Burgeoning ad-supported, over-the-top movie and TV streaming service Tubi TV last week closed a $20 million round of funding, which it will use to expand its presence on Madison Avenue, as well as with consumers.
The service, the closest thing to a conventional ad-supported TV network distributed online, utilizes conventional TV advertising breaks to pay for consumer access to film and TV show libraries users would otherwise have to buy.
In fact, Tubi TV is bucking a trend of OTT services, such as Hulu, which are going in the opposite direction and charging consumers for access to their libraries.
"Our initial focus will be on technology and our analytics platform,” Tubi TV Founder-CEO Farhad Massoudi, says of the new funding. He says the goal is to improve the user experience even more in terms of using data to “optimize” both content and advertising so users increase their engagement and time spent on Tubi TV.
That, in turn, will lead to better returns on advertising exposure.
“We are constantly fine-tuning our product,” he explains, adding the funds will also be used to grow Tubi TV’s brand in the marketplace, both with consumers and advertisers.
While Tubi TV doesn’t have an official event scheduled for the 2017-18 upfront marketplace, Massoudi says he and his team are holding one-on-one meetings with key advertisers and agencies to build awareness, and hopefully market share, too.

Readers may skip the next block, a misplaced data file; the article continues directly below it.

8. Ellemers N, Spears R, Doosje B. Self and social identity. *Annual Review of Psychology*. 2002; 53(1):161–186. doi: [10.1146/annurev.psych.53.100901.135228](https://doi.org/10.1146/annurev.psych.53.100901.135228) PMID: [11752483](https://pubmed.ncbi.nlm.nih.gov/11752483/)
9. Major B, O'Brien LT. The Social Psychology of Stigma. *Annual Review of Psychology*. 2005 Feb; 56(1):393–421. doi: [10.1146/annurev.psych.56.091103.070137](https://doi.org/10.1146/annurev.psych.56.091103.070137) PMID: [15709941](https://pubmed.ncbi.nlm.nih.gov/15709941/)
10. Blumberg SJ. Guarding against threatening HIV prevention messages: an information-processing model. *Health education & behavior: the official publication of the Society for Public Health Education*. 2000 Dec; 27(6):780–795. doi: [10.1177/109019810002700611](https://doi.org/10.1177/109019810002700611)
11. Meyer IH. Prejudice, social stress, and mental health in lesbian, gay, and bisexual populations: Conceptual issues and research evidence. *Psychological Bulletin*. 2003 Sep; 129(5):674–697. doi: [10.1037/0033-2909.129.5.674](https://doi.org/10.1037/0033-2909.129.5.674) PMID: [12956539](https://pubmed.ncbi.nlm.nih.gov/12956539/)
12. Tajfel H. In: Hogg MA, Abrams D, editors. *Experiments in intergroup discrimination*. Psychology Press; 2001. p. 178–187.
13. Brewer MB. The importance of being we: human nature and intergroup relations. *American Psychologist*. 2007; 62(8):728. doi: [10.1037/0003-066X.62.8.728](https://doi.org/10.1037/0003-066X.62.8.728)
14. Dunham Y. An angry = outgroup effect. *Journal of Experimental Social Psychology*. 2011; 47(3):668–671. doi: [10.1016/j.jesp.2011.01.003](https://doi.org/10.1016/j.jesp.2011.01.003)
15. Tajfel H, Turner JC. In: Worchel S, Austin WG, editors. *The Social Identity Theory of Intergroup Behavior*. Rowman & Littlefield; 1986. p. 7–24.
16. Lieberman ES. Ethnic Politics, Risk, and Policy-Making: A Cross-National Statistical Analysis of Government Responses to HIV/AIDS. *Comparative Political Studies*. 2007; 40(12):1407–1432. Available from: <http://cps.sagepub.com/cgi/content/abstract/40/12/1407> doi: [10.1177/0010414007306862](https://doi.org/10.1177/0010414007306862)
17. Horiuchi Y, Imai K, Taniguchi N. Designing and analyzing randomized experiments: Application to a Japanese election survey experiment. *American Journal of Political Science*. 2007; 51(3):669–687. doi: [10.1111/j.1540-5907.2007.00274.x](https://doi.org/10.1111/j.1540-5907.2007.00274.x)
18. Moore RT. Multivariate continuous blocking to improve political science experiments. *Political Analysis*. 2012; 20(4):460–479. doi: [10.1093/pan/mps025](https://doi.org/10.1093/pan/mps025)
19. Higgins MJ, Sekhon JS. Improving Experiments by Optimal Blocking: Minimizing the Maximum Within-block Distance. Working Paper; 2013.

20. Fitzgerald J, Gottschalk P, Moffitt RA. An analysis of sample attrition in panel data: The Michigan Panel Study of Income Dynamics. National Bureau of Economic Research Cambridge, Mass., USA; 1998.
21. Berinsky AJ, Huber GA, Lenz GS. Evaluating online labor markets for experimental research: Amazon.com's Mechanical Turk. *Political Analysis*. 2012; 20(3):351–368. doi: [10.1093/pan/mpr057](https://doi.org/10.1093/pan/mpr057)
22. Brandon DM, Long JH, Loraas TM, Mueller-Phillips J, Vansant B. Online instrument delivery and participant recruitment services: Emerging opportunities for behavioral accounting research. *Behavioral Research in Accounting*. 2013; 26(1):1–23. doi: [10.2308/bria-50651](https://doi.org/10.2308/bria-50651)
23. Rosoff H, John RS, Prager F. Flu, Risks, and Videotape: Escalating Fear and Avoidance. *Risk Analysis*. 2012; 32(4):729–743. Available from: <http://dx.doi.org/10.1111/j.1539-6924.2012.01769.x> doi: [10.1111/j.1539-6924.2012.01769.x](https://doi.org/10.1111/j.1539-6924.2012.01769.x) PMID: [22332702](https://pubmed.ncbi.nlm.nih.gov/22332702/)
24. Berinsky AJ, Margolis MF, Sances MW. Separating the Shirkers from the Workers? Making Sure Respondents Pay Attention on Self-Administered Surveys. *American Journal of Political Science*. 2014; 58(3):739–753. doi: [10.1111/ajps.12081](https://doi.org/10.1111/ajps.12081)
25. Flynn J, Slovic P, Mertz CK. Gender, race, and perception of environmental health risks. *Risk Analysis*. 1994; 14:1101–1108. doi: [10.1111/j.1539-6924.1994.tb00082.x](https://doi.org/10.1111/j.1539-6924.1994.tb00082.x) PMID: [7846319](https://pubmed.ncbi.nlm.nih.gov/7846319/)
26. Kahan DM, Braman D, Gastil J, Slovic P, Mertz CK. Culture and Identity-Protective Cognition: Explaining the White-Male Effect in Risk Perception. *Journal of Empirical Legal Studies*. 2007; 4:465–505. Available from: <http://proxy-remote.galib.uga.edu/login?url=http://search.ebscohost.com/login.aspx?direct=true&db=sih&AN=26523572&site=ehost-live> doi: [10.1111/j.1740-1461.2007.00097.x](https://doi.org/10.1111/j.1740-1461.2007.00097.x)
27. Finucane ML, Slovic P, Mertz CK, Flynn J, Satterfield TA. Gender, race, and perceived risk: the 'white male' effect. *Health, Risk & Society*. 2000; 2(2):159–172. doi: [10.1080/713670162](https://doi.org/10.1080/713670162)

Regardless of its B-to-B of B-to-C messaging, Massoudi says the goal is differentiation for other subscription video-on-demand services -- and business models -- distributed over-the-top.
“There are 150 to 250 subscription VOD services, and most of them have no path-to-scale,” he asserts, adding: “If you look at most of the big services, they invest heavily in a few shiny new TV shows -- like [Netflix’s] ‘House of Cards’ -- but our strategy is to invest in something sustainable, focusing on having both the depth and the brand library that consumers can watch over time.”
Based on its licensing deals, Massoudi boasts that Tubi TV’s library already is “second only to Netflix’s.”
Tubi TV’s library includes more than 50,000 movie and TV titles from major studios, such as Lionsgate, MGM, Paramount Pictures and Starz.
While Tubi TV continues to test, learn and adapt advertising formats based on user experience and behaviors, ads typically appear in conventional cbreaks, are 100% “viewable,” and not subject to ad-blocking.
Most of Tubi TV’s views come from native applications that block ad blockers, and for users who access it via browsers. Tubi TV does not allow them to access its content when they have ad blockers turned on.
The company said its audience grew nine-fold in 2016 and currently claims its reach is larger than HBO Now and CBS All Access combined.
So how big is the audience----3 million per month? And how many viewers does an average commercial placement reach? At what CPM? Inquiring minds will want to know.
@ed: I'm not sure, I think Tubi TV has 20 million installed users (not the same as active users), but is growing fast (9x growth in 2016). I don't see a media kit of any boilerplate on their site, but here's their ad dept. contact: firstname.lastname@example.org